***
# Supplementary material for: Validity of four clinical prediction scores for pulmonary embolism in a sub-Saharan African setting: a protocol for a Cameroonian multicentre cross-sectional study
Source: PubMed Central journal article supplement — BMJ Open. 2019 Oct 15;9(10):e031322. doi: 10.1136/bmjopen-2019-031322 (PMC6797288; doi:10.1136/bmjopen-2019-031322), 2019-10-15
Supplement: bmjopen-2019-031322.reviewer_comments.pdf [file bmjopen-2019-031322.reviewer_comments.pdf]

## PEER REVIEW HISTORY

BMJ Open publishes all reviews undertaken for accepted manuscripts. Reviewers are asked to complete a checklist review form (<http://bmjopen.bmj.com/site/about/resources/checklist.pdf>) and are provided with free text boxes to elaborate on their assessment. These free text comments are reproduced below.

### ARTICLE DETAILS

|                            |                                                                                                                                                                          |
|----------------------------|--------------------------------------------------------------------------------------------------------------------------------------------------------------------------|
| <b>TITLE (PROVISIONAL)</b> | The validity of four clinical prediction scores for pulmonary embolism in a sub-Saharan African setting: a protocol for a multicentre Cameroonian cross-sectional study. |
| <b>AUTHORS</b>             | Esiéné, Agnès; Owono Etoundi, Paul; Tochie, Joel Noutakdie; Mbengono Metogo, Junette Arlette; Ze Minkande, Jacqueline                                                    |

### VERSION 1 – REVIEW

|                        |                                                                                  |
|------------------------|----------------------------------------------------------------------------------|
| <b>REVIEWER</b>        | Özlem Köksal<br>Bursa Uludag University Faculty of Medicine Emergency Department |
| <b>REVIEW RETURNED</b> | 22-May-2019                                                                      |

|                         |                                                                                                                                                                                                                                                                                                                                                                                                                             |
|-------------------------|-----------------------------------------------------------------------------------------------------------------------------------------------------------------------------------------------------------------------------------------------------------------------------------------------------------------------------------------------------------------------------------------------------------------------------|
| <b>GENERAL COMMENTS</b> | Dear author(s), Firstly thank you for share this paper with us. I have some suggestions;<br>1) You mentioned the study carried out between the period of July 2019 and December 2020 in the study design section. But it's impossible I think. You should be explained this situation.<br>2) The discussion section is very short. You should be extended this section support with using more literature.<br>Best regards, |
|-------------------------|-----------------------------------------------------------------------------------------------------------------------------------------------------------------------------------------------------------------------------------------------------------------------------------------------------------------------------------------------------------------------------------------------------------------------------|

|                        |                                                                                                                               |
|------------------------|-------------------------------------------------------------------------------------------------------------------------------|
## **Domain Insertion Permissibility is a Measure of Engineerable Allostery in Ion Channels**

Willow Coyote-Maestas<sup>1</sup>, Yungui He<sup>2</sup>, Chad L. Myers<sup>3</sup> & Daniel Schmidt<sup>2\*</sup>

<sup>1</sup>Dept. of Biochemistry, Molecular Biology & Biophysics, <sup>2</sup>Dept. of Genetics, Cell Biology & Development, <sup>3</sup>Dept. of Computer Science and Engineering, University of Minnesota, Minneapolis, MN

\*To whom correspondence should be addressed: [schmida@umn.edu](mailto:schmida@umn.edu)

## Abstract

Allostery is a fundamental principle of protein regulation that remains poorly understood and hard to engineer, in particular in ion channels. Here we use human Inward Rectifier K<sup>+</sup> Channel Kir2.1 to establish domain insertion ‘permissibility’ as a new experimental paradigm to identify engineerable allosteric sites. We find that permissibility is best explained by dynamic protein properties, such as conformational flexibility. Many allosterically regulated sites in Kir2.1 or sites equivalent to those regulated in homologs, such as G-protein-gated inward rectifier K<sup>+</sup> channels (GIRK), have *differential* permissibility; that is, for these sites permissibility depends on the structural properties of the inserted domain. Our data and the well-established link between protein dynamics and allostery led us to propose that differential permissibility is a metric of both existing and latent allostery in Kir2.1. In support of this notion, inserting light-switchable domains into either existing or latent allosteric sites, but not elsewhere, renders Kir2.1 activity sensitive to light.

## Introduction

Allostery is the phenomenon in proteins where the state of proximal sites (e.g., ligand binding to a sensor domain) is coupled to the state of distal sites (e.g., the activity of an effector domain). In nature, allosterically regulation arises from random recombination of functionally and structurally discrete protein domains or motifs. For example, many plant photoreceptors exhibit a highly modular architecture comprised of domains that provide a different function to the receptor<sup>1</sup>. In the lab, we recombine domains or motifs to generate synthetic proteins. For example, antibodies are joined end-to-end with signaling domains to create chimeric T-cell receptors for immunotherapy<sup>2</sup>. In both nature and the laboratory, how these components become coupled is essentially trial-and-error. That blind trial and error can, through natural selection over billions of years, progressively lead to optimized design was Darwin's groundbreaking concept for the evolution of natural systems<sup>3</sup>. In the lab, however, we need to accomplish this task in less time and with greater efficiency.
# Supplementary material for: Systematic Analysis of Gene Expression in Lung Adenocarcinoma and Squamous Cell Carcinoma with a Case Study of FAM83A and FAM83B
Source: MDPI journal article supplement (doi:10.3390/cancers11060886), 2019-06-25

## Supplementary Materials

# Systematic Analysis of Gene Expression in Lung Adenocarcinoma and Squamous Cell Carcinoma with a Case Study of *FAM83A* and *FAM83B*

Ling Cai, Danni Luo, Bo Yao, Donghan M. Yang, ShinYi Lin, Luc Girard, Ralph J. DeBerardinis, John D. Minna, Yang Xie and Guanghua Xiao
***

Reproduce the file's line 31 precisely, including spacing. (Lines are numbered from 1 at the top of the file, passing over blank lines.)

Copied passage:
Source: MDPI journal article supplement (doi:10.3390/cancers11060886), 2019-06-25